At the time of lung disease diagnosis, 26 (29.9%) patients were taking MTX, 18 RTX (20.7%), 12 (13.8%) anti-TNF agents, 6 (6.9%) sulfasalazine and 1 (1.1%) intramuscular gold. However, only two case of MTX-induced pneumonitis were reported. In these patients, symptoms developed within the first year of MTX treatment and there was clinical improvement after drug withdrawal (one patient needed concomitant i.v. pulses of methylprednisolone). At last follow-up appointment, 22 (25.3%) patients were on treatment with MTX. There were no other cases of presumably DMARDs-induced lung disease.

RTX was used in 26 (57.8%) RA-ILD patients with a mean number of 4 cycles (range 1–12). Two of these patients were also receiving MMF and one AZA for ILD. Of these 26 patients, 17 had subsequent PFTs and/or HRCT at different times during follow-up, as shown in Table 3.

Seven patients stopped RTX, six of them due to lack of response from the arthritis and one patient with advanced metastatic prostate cancer stopped RTX as the arthritis was well controlled on low-dose oral prednisolone. There were no cases of severe hypogammaglobulinemia.

During lung disease follow-up (6.7 ± 4.1 years), 22 (25.3%) patients were admitted to hospital with respiratory infection, with the number of admissions ranging from 1 to 5 per patient (total of 18 admissions). Most (63.6%) of these patients had bronchiectasis (10 isolated and 4 in association with ILD). In 13 patients with positive sputum culture results, Pseudomonas aeurginosa was the most common agent (38.4%), followed by Haemophilus influenza (15.4%). Two patients had Candida albicans identified, and one Mycobacterium avium. There were no reported cases of Pneumocystis jiroveci. In the whole cohort, 13 (14.9%) patients were taking prophylactic antibiotics, mainly azithromycin (n = 7; 53.8%).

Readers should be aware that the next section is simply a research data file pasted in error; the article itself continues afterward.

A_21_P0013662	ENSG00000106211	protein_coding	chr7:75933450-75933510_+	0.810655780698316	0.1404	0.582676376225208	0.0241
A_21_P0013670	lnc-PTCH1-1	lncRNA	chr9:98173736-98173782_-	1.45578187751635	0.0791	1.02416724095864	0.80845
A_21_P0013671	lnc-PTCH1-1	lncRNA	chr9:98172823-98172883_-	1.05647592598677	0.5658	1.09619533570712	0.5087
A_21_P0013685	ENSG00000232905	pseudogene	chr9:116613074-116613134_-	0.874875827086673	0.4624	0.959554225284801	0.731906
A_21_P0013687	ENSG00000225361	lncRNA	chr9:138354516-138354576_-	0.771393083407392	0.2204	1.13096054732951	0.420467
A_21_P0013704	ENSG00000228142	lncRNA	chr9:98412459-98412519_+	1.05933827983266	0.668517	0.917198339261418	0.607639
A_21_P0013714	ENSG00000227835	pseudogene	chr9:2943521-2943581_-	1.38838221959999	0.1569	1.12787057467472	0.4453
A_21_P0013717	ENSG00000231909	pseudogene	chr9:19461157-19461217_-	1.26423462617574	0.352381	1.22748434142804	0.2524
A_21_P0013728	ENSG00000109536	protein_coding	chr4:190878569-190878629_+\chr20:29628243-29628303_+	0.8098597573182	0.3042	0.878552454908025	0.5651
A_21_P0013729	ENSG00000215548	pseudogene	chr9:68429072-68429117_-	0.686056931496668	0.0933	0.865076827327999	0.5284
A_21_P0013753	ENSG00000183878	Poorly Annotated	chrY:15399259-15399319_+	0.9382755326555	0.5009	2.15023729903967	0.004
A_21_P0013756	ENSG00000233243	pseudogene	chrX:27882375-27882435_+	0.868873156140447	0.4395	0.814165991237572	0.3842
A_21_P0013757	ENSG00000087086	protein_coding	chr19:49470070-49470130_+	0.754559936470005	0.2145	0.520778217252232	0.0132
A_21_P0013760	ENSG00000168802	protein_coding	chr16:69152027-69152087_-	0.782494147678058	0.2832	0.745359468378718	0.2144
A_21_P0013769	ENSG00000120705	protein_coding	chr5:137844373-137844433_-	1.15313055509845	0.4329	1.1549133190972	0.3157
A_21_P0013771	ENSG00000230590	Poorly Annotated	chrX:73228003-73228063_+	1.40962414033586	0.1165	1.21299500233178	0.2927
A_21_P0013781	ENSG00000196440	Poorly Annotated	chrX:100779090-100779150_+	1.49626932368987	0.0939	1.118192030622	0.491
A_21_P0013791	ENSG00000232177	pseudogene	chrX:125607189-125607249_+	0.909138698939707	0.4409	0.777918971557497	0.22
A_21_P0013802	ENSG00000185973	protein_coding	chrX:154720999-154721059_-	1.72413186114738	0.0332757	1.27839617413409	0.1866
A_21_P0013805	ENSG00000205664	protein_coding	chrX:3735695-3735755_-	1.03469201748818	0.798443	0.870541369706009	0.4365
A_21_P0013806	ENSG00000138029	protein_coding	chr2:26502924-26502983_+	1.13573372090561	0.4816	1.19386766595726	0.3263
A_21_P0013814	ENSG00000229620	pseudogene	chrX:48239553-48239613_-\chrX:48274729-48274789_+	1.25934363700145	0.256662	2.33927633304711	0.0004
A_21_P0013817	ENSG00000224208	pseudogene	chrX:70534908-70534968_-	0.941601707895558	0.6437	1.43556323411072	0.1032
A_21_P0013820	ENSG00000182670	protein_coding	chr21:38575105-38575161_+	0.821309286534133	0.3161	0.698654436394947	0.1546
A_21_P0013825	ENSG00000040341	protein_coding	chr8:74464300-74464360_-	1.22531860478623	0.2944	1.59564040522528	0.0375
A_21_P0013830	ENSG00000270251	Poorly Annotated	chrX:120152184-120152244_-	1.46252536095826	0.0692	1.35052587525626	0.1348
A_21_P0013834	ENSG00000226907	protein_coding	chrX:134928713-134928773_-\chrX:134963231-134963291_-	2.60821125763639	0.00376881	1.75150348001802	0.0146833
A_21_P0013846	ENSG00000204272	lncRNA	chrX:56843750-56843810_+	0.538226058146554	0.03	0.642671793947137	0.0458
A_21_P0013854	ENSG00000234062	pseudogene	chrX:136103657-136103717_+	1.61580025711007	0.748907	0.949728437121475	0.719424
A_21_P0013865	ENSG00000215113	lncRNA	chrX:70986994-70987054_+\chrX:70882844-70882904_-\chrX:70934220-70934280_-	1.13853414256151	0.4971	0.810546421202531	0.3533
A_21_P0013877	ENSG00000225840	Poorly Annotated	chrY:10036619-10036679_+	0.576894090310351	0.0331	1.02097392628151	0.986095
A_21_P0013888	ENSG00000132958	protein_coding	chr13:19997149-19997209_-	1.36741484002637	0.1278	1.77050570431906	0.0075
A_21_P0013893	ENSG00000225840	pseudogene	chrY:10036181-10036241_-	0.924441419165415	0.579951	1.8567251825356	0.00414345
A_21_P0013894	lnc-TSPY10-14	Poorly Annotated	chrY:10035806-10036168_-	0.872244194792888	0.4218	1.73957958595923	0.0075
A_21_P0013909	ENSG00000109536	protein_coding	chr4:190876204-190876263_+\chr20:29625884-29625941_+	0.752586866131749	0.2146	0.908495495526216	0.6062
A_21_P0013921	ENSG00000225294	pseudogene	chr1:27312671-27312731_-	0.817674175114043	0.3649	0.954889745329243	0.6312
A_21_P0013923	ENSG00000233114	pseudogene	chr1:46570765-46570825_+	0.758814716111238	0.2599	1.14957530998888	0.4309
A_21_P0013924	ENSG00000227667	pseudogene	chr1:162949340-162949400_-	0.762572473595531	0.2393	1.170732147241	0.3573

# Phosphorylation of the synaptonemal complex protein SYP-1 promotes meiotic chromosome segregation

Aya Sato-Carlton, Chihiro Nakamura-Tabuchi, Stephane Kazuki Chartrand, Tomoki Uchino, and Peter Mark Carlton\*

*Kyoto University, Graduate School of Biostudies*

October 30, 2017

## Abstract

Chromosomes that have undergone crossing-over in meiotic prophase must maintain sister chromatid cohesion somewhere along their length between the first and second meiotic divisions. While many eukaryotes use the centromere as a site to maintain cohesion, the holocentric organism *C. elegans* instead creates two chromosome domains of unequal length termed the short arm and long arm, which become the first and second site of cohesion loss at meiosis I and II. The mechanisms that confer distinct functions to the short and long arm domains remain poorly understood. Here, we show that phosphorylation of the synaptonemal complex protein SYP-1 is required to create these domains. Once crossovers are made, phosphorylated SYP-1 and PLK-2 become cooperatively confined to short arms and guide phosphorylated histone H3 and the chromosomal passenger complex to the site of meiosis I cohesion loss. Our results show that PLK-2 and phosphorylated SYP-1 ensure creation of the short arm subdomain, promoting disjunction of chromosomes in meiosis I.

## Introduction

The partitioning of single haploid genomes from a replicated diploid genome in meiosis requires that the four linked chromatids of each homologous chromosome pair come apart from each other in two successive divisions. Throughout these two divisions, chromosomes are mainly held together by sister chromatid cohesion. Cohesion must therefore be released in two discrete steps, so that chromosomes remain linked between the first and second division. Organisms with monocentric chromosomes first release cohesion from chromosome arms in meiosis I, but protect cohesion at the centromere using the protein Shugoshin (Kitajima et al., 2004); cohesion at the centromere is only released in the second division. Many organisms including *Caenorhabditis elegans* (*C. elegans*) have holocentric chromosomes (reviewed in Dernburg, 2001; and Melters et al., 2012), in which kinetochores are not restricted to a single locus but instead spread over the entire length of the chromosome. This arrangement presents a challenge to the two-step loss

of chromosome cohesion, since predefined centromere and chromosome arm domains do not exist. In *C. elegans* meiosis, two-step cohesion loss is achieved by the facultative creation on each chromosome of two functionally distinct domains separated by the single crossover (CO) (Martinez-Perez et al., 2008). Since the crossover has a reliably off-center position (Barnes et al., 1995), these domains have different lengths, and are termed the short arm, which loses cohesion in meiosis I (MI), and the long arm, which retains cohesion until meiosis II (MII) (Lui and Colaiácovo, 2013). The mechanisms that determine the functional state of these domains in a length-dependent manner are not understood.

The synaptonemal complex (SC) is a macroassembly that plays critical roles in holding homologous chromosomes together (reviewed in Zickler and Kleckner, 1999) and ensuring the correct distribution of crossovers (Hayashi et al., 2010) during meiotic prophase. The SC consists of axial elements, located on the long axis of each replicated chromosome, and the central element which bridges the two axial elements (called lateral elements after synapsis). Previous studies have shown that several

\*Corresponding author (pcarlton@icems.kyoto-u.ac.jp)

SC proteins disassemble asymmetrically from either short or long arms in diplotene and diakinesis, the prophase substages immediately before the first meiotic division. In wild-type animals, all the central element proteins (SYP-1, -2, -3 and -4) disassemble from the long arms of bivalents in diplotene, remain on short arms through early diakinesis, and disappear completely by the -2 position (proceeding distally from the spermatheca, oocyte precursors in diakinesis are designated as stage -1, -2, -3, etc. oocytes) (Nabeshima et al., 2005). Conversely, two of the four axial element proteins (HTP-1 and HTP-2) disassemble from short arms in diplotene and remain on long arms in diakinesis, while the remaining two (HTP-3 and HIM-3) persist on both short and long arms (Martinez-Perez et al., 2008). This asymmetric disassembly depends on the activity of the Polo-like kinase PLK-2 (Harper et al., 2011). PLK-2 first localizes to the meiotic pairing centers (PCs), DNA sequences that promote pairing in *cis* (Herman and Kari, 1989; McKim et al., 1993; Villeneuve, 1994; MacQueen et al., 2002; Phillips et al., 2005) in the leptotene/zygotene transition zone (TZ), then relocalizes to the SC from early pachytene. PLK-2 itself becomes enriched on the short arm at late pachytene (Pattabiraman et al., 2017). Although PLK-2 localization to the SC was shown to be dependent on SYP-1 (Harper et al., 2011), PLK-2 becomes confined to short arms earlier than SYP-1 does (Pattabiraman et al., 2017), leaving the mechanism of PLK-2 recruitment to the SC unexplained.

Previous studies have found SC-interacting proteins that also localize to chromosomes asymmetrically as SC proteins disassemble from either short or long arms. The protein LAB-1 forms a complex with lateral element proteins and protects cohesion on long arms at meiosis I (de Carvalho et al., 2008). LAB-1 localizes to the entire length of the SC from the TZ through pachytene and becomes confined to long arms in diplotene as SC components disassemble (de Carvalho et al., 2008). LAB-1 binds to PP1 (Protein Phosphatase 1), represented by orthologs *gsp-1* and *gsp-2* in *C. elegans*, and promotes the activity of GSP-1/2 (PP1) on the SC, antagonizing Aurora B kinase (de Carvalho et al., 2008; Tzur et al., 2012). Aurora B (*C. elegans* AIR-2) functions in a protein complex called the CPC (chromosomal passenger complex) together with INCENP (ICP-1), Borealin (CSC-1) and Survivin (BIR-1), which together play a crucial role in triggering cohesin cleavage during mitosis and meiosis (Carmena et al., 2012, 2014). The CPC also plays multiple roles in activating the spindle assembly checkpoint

In the group of isolated bronchiectasis, five patients treated with RTX developed hypogammaglobulinemia, with two of them having RTX stopped due to recurrent respiratory infections. One of these patients was taking prophylactic cotrimoxazole.

Overall, in the 87 patients there were 18 (20.7%) deaths. Of these, 7 (38.9%) were related to ILD and occurred 5.3 ± 3.5 years after ILD diagnosis. Of the patients who died from ILD, four had UIP and three NSIP. UIP was associated with PFT decline when compared with other ILD patterns [odds ratio (OR) = 9.0, 95% CI 1.39–58.44; P = 0.021]. Two other deaths (11.1%) were due to infection, but neither was considered directly attributable to immunosuppression.

Three patients died due to cancer progression (metastatic prostatic cancer, breast cancer and melanoma) and one due to cardiac failure with restrictive pericardial effusion; the other five patients died of unknown causes.

GAP index was calculated at the time of ILD diagnosis and 31/36 (86.1%) patients were GAP stage I, 4/36 (11.1%) GAP stage II and 1/36 (2.8%) GAP stage III. Of the seven patients that died due to ILD, four were GAP stage I and three were GAP stage II. Of the three patients that were GAP stage II, two died 2 years after lung disease diagnosis and one 3 years after. All the GAP stage I patients died between 6 and 10 years after lung disease diagnosis. The patient that was GAP stage III at diagnosis is still alive but was diagnosed with RA-ILD less than a year ago.